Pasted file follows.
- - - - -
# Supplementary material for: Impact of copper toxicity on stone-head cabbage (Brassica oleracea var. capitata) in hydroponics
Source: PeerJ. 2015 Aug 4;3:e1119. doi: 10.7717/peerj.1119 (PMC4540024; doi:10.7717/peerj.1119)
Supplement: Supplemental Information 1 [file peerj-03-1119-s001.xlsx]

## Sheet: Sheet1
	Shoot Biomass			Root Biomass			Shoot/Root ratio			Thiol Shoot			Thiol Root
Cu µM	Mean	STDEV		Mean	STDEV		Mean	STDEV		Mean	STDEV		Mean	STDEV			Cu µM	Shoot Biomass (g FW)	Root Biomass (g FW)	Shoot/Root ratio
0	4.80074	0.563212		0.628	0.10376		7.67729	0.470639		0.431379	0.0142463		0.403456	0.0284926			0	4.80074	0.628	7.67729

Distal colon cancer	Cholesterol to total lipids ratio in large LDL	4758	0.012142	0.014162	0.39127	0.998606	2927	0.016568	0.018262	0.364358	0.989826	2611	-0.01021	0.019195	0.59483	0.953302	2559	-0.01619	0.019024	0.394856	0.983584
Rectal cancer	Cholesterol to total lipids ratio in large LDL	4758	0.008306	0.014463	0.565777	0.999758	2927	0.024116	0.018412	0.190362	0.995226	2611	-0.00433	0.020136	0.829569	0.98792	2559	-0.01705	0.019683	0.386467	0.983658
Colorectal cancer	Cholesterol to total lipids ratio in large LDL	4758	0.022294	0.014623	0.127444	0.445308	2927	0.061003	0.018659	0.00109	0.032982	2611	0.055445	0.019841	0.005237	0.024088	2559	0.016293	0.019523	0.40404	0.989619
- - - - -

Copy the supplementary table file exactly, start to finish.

# Supplementary material for: Impact of copper toxicity on stone-head cabbage (Brassica oleracea var. capitata) in hydroponics
Source: PeerJ. 2015 Aug 4;3:e1119. doi: 10.7717/peerj.1119 (PMC4540024; doi:10.7717/peerj.1119)
Supplement: Supplemental Information 1 [file peerj-03-1119-s001.xlsx]

## Sheet: Sheet1
	Shoot Biomass			Root Biomass			Shoot/Root ratio			Thiol Shoot			Thiol Root
Cu µM	Mean	STDEV		Mean	STDEV		Mean	STDEV		Mean	STDEV		Mean	STDEV			Cu µM	Shoot Biomass (g FW)	Root Biomass (g FW)	Shoot/Root ratio
0	4.80074	0.563212		0.628	0.10376		7.67729	0.470639		0.431379	0.0142463		0.403456	0.0284926			0	4.80074	0.628	7.67729

Distal colon cancer	Cholesterol to total lipids ratio in large LDL	4758	0.012142	0.014162	0.39127	0.998606	2927	0.016568	0.018262	0.364358	0.989826	2611	-0.01021	0.019195	0.59483	0.953302	2559	-0.01619	0.019024	0.394856	0.983584
Rectal cancer	Cholesterol to total lipids ratio in large LDL	4758	0.008306	0.014463	0.565777	0.999758	2927	0.024116	0.018412	0.190362	0.995226	2611	-0.00433	0.020136	0.829569	0.98792	2559	-0.01705	0.019683	0.386467	0.983658
Colorectal cancer	Cholesterol to total lipids ratio in large LDL	4758	0.022294	0.014623	0.127444	0.445308	2927	0.061003	0.018659	0.00109	0.032982	2611	0.055445	0.019841	0.005237	0.024088	2559	0.016293	0.019523	0.40404	0.989619